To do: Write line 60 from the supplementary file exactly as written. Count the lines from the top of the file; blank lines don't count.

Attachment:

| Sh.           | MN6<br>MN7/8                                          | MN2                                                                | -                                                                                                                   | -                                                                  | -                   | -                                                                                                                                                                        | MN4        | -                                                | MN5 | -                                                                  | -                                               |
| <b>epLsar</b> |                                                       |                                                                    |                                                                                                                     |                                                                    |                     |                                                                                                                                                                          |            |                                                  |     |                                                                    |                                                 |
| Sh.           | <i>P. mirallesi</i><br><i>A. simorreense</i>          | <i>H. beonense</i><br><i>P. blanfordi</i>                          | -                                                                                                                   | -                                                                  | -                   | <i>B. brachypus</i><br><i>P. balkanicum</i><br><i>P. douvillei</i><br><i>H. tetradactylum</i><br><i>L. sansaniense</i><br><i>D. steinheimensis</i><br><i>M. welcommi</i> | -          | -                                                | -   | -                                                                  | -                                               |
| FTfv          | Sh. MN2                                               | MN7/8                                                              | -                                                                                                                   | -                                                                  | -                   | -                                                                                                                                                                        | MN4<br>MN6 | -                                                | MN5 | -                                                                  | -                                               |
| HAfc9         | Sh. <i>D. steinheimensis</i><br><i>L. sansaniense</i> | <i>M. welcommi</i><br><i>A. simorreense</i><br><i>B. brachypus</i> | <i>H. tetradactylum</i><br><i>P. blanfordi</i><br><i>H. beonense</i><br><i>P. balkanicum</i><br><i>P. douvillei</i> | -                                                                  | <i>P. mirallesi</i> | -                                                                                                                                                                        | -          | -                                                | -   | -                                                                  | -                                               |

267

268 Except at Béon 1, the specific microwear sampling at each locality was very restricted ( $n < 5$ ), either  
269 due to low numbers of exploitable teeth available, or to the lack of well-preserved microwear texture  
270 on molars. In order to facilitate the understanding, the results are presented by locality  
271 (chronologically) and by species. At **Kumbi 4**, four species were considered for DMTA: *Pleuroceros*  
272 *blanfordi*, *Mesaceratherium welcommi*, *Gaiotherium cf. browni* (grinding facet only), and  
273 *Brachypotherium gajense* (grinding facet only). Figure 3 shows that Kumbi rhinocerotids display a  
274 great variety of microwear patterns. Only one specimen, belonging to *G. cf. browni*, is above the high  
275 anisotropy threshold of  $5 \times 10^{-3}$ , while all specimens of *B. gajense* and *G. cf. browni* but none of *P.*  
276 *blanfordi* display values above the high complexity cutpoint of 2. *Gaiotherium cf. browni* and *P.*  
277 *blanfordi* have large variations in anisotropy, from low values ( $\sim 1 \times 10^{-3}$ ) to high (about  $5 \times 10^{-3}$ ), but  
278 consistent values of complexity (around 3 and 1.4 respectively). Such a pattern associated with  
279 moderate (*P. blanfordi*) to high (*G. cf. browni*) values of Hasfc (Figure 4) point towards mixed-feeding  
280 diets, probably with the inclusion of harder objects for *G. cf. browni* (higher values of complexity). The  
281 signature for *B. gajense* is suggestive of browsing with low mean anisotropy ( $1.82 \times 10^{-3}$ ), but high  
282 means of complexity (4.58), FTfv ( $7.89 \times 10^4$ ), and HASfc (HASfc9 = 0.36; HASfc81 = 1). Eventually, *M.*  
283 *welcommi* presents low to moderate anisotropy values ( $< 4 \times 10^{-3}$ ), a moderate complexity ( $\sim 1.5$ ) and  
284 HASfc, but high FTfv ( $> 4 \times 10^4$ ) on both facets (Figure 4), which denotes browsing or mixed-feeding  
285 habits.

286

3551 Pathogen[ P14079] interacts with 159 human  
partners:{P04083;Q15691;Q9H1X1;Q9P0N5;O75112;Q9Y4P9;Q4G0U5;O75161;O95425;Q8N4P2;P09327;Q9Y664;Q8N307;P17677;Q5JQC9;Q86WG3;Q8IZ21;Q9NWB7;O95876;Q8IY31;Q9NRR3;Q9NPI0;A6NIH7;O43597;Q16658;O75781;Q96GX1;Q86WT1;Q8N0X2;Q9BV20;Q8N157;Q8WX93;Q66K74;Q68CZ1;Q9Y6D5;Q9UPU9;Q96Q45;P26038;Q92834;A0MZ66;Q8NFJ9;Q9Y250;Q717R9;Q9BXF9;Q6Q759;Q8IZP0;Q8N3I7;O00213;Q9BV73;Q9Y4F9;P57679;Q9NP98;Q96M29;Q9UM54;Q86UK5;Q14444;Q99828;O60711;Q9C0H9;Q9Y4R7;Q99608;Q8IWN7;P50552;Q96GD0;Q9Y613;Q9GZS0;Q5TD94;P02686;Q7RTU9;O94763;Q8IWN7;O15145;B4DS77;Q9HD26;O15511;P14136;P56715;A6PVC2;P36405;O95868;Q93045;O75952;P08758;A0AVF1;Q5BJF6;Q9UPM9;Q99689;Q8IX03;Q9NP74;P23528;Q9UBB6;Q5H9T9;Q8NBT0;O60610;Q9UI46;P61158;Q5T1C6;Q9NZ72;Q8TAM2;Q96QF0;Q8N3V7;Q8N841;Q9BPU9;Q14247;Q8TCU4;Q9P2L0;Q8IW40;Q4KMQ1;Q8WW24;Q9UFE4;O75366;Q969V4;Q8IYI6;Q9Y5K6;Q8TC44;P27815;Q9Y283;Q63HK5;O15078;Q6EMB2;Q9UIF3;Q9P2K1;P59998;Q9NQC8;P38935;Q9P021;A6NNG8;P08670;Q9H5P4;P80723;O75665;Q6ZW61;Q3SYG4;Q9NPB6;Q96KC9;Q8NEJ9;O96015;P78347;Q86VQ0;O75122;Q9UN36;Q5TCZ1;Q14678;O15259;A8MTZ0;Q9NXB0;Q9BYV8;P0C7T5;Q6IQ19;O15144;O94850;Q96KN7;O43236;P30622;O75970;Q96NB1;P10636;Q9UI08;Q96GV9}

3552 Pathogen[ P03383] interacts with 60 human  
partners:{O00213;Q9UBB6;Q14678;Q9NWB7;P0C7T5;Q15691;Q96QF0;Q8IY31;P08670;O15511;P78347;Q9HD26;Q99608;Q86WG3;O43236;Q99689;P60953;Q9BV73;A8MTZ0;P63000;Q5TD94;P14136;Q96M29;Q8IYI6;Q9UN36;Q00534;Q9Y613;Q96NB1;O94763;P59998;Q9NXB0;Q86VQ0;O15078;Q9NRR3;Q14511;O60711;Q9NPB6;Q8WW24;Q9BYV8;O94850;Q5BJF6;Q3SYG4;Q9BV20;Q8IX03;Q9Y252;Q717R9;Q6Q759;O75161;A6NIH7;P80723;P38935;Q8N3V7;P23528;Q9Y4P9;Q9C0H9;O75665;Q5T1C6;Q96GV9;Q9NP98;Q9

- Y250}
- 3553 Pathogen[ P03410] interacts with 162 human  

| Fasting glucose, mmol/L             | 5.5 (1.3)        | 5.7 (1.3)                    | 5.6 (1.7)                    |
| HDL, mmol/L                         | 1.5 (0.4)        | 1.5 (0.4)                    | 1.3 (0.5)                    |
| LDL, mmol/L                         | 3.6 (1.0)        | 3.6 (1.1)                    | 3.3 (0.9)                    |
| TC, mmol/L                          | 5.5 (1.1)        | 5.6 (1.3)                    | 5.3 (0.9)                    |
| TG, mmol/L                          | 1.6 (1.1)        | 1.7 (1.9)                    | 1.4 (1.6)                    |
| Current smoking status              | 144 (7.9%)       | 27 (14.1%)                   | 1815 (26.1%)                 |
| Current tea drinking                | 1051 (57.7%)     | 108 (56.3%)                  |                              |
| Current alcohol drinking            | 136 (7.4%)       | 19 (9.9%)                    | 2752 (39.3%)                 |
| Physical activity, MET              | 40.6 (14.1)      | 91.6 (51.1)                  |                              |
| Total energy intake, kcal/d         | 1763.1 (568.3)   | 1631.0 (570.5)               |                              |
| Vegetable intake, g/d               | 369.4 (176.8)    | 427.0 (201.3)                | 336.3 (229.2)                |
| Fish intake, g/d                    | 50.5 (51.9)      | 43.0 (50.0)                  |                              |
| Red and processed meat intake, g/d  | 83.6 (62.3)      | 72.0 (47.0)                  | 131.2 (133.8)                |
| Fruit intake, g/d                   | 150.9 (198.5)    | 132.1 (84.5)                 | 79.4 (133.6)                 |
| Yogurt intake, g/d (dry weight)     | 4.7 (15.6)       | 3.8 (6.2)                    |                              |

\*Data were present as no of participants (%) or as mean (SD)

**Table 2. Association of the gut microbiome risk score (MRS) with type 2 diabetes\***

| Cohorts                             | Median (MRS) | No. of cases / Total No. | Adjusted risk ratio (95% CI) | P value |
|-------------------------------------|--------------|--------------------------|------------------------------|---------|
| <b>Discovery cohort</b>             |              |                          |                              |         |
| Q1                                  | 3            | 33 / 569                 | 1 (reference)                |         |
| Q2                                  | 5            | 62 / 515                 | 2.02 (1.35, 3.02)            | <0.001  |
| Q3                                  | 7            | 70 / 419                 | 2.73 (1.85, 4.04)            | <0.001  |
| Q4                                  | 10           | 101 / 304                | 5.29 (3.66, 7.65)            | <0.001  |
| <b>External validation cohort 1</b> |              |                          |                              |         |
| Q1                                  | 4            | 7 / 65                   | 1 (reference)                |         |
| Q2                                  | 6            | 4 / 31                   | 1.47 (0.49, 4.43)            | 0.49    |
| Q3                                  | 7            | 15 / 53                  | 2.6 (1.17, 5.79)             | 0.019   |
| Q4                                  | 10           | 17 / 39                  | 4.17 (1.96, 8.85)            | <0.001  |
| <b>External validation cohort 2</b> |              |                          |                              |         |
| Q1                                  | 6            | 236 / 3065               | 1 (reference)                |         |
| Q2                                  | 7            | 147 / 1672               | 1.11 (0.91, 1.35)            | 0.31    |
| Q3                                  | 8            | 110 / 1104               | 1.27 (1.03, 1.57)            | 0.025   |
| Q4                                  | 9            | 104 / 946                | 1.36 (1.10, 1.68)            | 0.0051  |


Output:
| Q4                                  | 10           | 17 / 39                  | 4.17 (1.96, 8.85)            | <0.001  |